Chaim Weizmann had a valuable friend, the journalist and editor, C.P. Scott. Later the proprietor of the Manchester Guardian, Scott was an Oxford-educated man of staunch Liberal leanings. He spent ten years as member of parliament for Leigh in Lancashire (1895-1905) and welcomed Lloyd George’s courage in opposing the Boer War.  Their friendship endured through tumultuous times and Lloyd George trusted C P Scott’s views.  The newspaper owner had befriended Chaim Weizmann when he was teaching at Manchester University and proved to be, in Weizmann’s words, ‘of incalculable value’. He pointed the Zionist leader towards the one Jewish member of Asquith’s government, Herbert Samuel, whom he believed, could be of great assistance.  Samuel was not a practising Jew and before the war had never spoken about Zionism. Despite this apparent lack of interest he proposed in November 1914, that Britain sponsor the establishment of a Jewish state in Palestine after the war.  Was it co-incidence that on both sides of the Atlantic, influential Jewish financiers and politicians, Rothschild, Brandeis, Weizmann and Herbert Samuel looked ahead to the end of the war and appreciated the opportunity it would bring? Note the coincidence of both Brandeis and Samuel’s proposals in November 1914. According to his memoirs Samuel was inspired by being the first Jew ever to sit in the British cabinet and claimed that he turned to Chaim Weizmann for advice.  Consequently, he spoke to Sir Edward Grey, the foreign secretary, about the future of Palestine. Samuel expressed his alarm at the prospect of this part of the world falling into the hands of any of the Continental Powers (including France) and stressed the strategic importance of that region to the British Empire. He professed his enthusiasm for a Jewish State in Palestine which would be ‘a centre of a new culture … a fountain of enlightenment’.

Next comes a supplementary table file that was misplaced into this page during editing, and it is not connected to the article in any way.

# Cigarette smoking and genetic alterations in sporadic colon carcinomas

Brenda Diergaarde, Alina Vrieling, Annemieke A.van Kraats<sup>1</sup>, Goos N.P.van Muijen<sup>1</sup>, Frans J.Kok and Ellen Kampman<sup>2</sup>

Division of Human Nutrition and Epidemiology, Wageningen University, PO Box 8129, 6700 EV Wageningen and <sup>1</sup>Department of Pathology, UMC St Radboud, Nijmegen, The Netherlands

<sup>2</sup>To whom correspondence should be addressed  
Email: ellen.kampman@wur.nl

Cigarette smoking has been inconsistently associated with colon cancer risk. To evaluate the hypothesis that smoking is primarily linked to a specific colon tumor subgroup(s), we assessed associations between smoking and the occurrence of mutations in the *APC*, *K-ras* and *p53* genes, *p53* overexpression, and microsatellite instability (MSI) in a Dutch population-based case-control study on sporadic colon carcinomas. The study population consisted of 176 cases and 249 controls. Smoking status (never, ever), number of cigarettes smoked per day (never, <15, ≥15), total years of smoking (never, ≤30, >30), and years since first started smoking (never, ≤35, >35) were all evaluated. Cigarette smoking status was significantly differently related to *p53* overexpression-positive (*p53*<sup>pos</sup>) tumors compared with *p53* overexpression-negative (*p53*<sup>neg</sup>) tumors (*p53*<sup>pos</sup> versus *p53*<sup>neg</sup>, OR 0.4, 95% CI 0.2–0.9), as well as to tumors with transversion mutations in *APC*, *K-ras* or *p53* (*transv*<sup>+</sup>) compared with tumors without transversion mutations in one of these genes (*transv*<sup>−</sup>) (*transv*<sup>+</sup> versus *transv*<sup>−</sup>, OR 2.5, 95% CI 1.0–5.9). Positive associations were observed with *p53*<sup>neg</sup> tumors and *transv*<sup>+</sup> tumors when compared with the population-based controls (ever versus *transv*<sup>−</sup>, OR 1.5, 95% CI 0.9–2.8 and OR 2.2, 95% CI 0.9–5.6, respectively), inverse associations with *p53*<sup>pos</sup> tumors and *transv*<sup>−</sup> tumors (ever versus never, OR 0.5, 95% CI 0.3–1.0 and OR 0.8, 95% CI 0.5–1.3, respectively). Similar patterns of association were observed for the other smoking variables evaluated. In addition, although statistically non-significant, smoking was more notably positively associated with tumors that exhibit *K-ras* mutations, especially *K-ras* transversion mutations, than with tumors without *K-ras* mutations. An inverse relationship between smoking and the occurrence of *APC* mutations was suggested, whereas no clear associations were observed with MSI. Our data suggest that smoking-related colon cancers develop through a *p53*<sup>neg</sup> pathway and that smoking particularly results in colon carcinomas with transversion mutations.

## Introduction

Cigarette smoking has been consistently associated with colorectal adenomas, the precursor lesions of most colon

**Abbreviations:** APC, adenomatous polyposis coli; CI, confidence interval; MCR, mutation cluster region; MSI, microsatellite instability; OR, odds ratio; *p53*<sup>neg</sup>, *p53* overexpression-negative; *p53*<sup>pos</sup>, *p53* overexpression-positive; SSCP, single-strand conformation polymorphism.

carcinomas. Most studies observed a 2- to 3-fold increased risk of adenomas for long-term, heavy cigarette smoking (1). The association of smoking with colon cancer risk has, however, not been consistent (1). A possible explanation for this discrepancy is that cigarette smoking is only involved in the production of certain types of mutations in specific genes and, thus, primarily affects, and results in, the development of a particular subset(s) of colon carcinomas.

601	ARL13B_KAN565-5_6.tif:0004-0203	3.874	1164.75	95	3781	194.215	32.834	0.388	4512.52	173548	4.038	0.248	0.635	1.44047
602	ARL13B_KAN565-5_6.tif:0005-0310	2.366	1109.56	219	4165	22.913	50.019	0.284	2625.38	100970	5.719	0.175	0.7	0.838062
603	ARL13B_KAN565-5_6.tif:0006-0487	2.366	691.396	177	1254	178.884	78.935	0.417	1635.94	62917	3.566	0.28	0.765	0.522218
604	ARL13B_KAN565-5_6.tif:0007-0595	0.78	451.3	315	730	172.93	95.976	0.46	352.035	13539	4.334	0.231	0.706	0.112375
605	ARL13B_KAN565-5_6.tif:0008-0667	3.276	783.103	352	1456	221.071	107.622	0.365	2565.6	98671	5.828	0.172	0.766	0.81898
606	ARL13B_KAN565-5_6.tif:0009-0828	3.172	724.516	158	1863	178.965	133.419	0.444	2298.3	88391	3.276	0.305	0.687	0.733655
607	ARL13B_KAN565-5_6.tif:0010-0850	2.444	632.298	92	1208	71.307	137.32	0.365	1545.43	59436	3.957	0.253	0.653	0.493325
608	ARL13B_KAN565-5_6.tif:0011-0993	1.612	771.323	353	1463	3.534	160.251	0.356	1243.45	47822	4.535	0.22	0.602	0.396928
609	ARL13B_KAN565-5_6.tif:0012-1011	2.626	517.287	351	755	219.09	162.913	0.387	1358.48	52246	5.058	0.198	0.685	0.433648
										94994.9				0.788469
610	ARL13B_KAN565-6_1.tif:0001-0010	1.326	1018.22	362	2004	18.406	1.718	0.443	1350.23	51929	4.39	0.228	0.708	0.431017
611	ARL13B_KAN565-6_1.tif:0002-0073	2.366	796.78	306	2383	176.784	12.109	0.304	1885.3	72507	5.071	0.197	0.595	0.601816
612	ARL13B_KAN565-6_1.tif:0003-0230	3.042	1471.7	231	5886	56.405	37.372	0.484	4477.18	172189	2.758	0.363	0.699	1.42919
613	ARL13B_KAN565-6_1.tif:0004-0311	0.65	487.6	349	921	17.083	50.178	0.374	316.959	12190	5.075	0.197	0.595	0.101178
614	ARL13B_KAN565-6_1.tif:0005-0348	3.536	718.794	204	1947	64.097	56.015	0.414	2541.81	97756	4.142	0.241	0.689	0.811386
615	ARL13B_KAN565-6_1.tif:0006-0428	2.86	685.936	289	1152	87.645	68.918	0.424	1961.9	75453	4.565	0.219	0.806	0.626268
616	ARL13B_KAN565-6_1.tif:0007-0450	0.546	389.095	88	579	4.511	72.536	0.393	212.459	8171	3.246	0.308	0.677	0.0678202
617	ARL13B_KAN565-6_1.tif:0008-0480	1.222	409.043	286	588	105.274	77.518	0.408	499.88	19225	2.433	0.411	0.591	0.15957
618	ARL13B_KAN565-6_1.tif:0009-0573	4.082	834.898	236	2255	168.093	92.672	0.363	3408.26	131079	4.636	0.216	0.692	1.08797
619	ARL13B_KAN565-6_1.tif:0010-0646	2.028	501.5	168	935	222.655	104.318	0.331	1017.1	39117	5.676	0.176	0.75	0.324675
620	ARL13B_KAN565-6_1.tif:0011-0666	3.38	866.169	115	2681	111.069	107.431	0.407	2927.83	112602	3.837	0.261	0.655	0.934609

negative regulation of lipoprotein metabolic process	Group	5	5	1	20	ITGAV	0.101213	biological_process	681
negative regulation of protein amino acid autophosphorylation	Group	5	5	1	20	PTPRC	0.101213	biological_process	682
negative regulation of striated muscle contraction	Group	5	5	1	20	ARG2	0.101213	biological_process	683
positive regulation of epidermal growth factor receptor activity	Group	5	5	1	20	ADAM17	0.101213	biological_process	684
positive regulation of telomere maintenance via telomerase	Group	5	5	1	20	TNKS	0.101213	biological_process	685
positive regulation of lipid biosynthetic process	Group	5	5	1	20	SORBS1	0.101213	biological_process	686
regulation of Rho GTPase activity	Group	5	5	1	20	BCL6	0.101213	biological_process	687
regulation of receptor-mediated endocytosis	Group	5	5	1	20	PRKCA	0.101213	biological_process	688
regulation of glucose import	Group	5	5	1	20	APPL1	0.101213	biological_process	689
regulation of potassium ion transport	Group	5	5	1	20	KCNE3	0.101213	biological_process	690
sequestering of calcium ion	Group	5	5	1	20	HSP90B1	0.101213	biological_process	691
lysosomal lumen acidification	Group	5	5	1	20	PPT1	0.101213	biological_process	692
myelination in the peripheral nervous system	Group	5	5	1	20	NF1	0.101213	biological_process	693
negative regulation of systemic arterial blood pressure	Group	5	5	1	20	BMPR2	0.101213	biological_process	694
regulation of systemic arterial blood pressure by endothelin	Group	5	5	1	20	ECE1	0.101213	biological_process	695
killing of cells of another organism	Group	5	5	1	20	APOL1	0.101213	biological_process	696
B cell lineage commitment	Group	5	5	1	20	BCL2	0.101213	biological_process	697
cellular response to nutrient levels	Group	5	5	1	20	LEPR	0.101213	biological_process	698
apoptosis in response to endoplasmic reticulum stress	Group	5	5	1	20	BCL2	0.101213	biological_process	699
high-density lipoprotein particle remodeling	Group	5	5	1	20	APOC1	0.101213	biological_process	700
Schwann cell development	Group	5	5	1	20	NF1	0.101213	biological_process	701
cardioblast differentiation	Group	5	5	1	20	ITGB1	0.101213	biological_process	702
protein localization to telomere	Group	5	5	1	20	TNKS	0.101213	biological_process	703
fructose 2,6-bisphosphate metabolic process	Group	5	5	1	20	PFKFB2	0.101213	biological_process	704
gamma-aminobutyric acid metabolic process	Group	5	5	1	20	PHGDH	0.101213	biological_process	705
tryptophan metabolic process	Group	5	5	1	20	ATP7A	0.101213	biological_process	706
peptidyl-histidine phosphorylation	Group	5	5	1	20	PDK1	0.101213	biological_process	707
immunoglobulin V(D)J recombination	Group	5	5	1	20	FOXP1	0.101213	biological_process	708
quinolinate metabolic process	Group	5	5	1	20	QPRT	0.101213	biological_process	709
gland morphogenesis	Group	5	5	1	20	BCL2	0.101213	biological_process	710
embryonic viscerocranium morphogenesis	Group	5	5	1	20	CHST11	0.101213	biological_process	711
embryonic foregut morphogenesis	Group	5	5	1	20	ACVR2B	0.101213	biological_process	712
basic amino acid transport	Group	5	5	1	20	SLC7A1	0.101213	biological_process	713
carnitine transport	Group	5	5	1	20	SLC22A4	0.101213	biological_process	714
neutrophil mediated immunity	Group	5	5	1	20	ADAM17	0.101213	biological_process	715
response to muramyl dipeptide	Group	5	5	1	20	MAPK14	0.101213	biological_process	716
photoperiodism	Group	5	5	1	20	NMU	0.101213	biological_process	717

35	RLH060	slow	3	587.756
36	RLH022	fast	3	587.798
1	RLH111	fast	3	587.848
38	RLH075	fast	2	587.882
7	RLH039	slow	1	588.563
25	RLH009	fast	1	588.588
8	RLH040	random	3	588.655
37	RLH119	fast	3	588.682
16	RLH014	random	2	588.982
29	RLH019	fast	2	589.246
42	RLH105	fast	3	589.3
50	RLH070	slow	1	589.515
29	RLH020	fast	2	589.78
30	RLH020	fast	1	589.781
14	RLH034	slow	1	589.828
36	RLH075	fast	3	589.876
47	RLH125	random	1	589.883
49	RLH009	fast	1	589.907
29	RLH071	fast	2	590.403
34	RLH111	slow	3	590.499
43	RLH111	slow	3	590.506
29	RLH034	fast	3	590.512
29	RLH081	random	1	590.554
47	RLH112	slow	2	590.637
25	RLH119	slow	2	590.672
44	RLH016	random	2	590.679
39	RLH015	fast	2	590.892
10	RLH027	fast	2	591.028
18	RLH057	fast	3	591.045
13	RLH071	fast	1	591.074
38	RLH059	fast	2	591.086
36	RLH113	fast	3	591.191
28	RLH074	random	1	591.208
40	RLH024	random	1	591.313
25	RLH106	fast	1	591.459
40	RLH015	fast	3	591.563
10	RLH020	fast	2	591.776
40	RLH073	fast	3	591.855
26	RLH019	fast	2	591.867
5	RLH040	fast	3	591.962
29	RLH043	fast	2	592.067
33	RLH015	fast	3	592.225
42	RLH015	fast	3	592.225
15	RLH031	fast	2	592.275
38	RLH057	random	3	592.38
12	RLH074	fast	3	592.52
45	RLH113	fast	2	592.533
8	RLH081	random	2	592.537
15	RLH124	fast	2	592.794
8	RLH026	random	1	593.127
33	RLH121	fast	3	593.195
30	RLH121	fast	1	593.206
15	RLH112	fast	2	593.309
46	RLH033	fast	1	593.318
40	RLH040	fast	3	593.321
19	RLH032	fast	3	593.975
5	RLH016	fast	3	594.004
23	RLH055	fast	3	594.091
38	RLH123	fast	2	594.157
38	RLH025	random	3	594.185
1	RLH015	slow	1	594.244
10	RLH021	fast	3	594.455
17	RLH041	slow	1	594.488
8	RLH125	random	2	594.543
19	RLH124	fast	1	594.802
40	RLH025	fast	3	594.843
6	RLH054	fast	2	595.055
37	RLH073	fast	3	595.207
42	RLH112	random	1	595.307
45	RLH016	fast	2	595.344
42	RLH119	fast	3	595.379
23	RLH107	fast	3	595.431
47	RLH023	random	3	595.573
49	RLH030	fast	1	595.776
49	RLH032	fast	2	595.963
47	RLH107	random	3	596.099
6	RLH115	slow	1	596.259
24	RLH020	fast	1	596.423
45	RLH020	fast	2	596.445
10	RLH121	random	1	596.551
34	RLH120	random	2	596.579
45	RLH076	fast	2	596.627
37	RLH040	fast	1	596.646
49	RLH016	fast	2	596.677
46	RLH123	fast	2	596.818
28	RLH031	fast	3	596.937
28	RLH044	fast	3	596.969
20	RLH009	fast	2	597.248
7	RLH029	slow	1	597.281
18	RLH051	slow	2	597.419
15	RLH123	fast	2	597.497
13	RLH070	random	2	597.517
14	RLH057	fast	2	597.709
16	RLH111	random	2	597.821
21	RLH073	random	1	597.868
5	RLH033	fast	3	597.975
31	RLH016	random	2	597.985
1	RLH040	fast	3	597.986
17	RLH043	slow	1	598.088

What followed was a very curious breakfast-meeting of a pro-Zionist group, including Lloyd George, on 3 December 1914. The most intriguing part of the meeting, which Weizmann described in great detail in his autobiography,  was that Lloyd George apparently forgot all about it. In his own self-aggrandising memoirs the Welshman explicitly dated his first meeting with Chaim Weizmann from 1916 when the Manchester chemist, by that time a Professor at the university, worked for the ministry of munitions. Indeed the impression which Lloyd George deliberately tried to infer was that the later Balfour Declaration was a reward for Weizmann’s services to the British nation for his development of acetone as a source to enhance munitions.  What rubbish.  Why did he feel it necessary to falsify his own record? Lloyd George had been introduced to Chaim Weizmann on 3 December 1914 in the company of Herbert Samuel, C.P. Scott and Joshiah Wedgwood, and the sole topic of conversation, had been Palestine.  The then chancellor of the exchequer’s account is so ridiculous that we have to ask, what was he trying to hide? Did later developments in Palestine embarrass Lloyd George politically? Were there other secret influences from whom he had to deflect enquiry?